Religion in Human Evolution

Religion in Human Evolution

Religion in Human Evolution

777 Pages ·2012·3.85 MB ·English

Religion in Human Evolution

religion in human evolution Religion in


Human Evolution


From the Paleolithic


to the Axial Age


Robert N. Bellah


the belknap press of


harvard university press


Cambridge, Massachusetts


London, England


2011 Copyright © 2011 by the President and Fellows of Harvard College


All rights reserved


Printed in the United States of America


Library of Congress Cataloging- in- Publication Data


Bellah, Robert Neelly, 1927–


Religion in human evolution : from the Paleolithic to the Axial Age / Robert N. Bellah.


p. cm.


Includes bibliographical references and index.


ISBN 978- 0- 674- 06143- 9 (alk. paper)


1. Religion. 2. Human evolution— Religious aspects. 3. Th eological anthropology.


4. Ethnology— Religious aspects. 5. Religions. I. Title. II. Title: From the Paleolithic


to the Axial Age.


BL256.B435 2011


200.89'009—dc22 2010054585 In memory of Melanie Bellah


and for our grandchildren,


and theirs . . . Contents


Preface ix


Ac know ledg ments xxv


1. Religion and Reality 1


2. Religion and Evolution 44


3. Tribal Religion: Th e Production of Meaning 117


4. From Tribal to Archaic Religion: Meaning and Power 175


5. Archaic Religion: God and King 210


6. Th e Axial Age I: Introduction and Ancient Israel 265


7. Th e Axial Age II: Ancient Greece 324


8. Th e Axial Age III: China in the Late First Millennium bce 399


9. Th e Axial Age IV: Ancient India 481


10. Conclusion 567


Notes 609


Index 715 Preface


Very deep is the well of the past.


thomas mann, Joseph and His Brothers


Th ose moments which the spirit appears to have outgrown still


belong to it in the depths of its present. Just as it has passed


through all its moments in history, so also must it pass through


them again in the present.


hegel, Reason in History


When one reads the poems and the writings of the ancients,


how could it be right not to know something about them as


men? Hence one should try to understand the age in which they


have lived. Th is can be described as “looking for friends in


history.”


mencius 5B:8


Th is is a large book about a large subject. It is therefore incumbent on me to


give the reader an explanation of why it is so long (it could be many times lon-


ger), a road map, and a response to certain objections that may leap to the


mind of some readers. I will begin by using the three epigraphs above to give


an idea of what I am trying to do.


Mann’s metap hor of the past as a well, in the opening sentence of his book,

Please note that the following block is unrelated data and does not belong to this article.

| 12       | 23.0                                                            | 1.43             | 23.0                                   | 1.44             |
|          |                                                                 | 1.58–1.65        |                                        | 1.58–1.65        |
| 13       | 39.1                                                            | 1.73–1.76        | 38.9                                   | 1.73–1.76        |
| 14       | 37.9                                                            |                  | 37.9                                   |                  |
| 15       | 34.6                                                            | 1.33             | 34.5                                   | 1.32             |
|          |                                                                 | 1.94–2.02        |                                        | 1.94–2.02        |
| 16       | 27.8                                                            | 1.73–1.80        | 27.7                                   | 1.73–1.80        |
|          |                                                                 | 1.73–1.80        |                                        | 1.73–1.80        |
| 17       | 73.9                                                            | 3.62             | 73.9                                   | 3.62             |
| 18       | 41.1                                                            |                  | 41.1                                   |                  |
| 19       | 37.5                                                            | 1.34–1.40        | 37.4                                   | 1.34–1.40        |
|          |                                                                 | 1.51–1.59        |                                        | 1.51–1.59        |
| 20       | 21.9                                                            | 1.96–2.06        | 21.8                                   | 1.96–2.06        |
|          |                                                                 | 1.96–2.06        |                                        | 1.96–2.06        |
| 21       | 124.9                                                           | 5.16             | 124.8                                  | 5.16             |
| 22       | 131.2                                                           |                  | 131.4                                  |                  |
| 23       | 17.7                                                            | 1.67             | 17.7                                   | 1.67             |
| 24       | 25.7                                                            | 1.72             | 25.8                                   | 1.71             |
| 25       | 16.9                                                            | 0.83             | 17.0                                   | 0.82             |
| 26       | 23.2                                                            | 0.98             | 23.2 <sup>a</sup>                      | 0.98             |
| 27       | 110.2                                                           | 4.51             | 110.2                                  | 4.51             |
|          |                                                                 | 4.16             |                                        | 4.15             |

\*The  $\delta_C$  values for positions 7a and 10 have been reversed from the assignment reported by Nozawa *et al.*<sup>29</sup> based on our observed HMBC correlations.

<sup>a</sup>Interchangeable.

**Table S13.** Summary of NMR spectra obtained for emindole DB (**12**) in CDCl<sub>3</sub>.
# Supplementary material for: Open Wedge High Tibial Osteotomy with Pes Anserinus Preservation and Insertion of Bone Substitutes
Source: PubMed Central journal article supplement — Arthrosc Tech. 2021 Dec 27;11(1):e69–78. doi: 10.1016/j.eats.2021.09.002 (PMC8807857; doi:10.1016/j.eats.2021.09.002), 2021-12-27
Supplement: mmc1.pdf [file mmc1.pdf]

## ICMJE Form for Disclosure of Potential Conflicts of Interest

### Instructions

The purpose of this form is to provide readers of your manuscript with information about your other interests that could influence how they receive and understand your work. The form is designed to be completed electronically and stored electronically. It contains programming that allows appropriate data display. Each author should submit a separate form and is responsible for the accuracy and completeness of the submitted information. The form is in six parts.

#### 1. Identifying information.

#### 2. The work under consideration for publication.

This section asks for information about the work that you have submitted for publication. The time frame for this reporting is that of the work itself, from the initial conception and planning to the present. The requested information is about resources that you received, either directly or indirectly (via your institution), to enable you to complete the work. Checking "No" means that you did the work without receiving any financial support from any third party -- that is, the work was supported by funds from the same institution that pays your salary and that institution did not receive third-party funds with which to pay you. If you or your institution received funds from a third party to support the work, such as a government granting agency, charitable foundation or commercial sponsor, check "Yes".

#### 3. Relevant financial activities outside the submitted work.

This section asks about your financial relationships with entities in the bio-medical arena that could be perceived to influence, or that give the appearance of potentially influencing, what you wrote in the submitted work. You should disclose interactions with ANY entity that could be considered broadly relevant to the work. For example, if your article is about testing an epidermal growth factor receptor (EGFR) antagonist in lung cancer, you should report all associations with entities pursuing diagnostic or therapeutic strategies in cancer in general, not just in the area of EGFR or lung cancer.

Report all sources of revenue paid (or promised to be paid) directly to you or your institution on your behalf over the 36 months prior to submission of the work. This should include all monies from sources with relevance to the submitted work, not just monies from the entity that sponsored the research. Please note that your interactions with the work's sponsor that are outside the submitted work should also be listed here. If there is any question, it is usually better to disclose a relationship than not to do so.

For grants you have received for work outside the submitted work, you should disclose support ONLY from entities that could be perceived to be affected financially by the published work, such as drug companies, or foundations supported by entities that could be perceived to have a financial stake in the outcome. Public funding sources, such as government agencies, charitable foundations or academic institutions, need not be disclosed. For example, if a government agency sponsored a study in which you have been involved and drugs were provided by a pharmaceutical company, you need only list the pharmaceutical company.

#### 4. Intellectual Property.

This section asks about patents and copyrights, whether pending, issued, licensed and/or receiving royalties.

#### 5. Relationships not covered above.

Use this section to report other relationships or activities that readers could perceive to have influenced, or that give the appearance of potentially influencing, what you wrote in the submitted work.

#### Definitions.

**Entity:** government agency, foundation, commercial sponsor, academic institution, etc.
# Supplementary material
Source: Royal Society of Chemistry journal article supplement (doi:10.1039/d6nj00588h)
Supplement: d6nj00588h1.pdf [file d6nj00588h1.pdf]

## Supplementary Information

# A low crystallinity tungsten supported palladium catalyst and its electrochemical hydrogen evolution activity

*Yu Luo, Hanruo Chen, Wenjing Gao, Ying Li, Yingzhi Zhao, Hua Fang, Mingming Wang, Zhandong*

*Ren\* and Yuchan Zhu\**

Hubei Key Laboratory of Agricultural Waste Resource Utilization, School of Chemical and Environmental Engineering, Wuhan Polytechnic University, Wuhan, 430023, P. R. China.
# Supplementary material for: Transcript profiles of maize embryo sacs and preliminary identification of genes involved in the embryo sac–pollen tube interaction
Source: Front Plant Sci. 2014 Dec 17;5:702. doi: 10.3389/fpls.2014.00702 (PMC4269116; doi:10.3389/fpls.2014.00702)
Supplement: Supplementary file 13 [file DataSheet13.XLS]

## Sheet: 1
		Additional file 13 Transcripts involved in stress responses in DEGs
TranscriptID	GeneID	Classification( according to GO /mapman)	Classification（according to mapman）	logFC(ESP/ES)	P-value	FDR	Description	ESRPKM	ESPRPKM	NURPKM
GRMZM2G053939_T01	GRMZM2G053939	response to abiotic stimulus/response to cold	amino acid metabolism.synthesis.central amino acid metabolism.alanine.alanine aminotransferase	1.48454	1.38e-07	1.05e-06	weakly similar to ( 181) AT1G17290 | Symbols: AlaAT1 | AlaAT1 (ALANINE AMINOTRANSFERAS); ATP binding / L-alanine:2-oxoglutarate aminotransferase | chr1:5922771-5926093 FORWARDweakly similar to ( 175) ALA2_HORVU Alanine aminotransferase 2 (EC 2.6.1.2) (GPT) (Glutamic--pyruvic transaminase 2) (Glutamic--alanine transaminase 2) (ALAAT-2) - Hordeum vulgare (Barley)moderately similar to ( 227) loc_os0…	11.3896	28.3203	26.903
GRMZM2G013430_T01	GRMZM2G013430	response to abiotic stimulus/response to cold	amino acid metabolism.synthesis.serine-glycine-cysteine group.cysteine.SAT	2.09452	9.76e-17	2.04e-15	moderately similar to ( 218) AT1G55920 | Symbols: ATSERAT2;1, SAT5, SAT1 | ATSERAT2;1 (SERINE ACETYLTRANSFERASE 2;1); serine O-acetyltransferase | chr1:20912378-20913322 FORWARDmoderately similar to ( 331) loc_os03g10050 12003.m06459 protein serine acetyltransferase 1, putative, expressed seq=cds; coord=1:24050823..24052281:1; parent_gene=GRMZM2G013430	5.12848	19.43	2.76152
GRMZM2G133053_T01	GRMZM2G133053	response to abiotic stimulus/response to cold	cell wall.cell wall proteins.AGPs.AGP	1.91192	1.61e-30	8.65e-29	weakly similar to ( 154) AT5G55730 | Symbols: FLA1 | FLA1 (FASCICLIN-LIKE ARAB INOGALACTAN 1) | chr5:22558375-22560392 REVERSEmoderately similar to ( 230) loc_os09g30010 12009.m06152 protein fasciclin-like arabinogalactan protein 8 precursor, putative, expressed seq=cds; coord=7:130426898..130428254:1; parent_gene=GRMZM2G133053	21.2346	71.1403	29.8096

is complemented immediately by his second sentence: “Should we not call it


bottomless?” It becomes clear in the long prologue that starts with these sen-


tences that Mann is afraid, as he embarks on a story that reaches back into the


second millennium bce, that he will fall ever further into the past, lose his


religion in human evolution Religion in


Human Evolution


From the Paleolithic


to the Axial Age


Robert N. Bellah


the belknap press of


harvard university press


Cambridge, Massachusetts


London, England


2011 Copyright © 2011 by the President and Fellows of Harvard College


All rights reserved


Printed in the United States of America


Library of Congress Cataloging- in- Publication Data


Bellah, Robert Neelly, 1927–


Religion in human evolution : from the Paleolithic to the Axial Age / Robert N. Bellah.


p. cm.


Includes bibliographical references and index.


ISBN 978- 0- 674- 06143- 9 (alk. paper)


1. Religion. 2. Human evolution— Religious aspects. 3. Th eological anthropology.


4. Ethnology— Religious aspects. 5. Religions. I. Title. II. Title: From the Paleolithic


to the Axial Age.


BL256.B435 2011


200.89'009—dc22 2010054585 In memory of Melanie Bellah


and for our grandchildren,


and theirs . . . Contents


Preface ix


Ac know ledg ments xxv


1. Religion and Reality 1


2. Religion and Evolution 44


3. Tribal Religion: Th e Production of Meaning 117


4. From Tribal to Archaic Religion: Meaning and Power 175


5. Archaic Religion: God and King 210


6. Th e Axial Age I: Introduction and Ancient Israel 265


7. Th e Axial Age II: Ancient Greece 324


8. Th e Axial Age III: China in the Late First Millennium bce 399


9. Th e Axial Age IV: Ancient India 481


10. Conclusion 567


Notes 609


Index 715 Preface


Very deep is the well of the past.


thomas mann, Joseph and His Brothers


Th ose moments which the spirit appears to have outgrown still


belong to it in the depths of its present. Just as it has passed


through all its moments in history, so also must it pass through


them again in the present.


hegel, Reason in History


When one reads the poems and the writings of the ancients,


how could it be right not to know something about them as


men? Hence one should try to understand the age in which they


have lived. Th is can be described as “looking for friends in


history.”


mencius 5B:8


Th is is a large book about a large subject. It is therefore incumbent on me to


give the reader an explanation of why it is so long (it could be many times lon-


ger), a road map, and a response to certain objections that may leap to the


mind of some readers. I will begin by using the three epigraphs above to give


an idea of what I am trying to do.


Mann’s metap hor of the past as a well, in the opening sentence of his book,


is complemented immediately by his second sentence: “Should we not call it


bottomless?” It becomes clear in the long prologue that starts with these sen-


tences that Mann is afraid, as he embarks on a story that reaches back into the


second millennium bce, that he will fall ever further into the past, lose his


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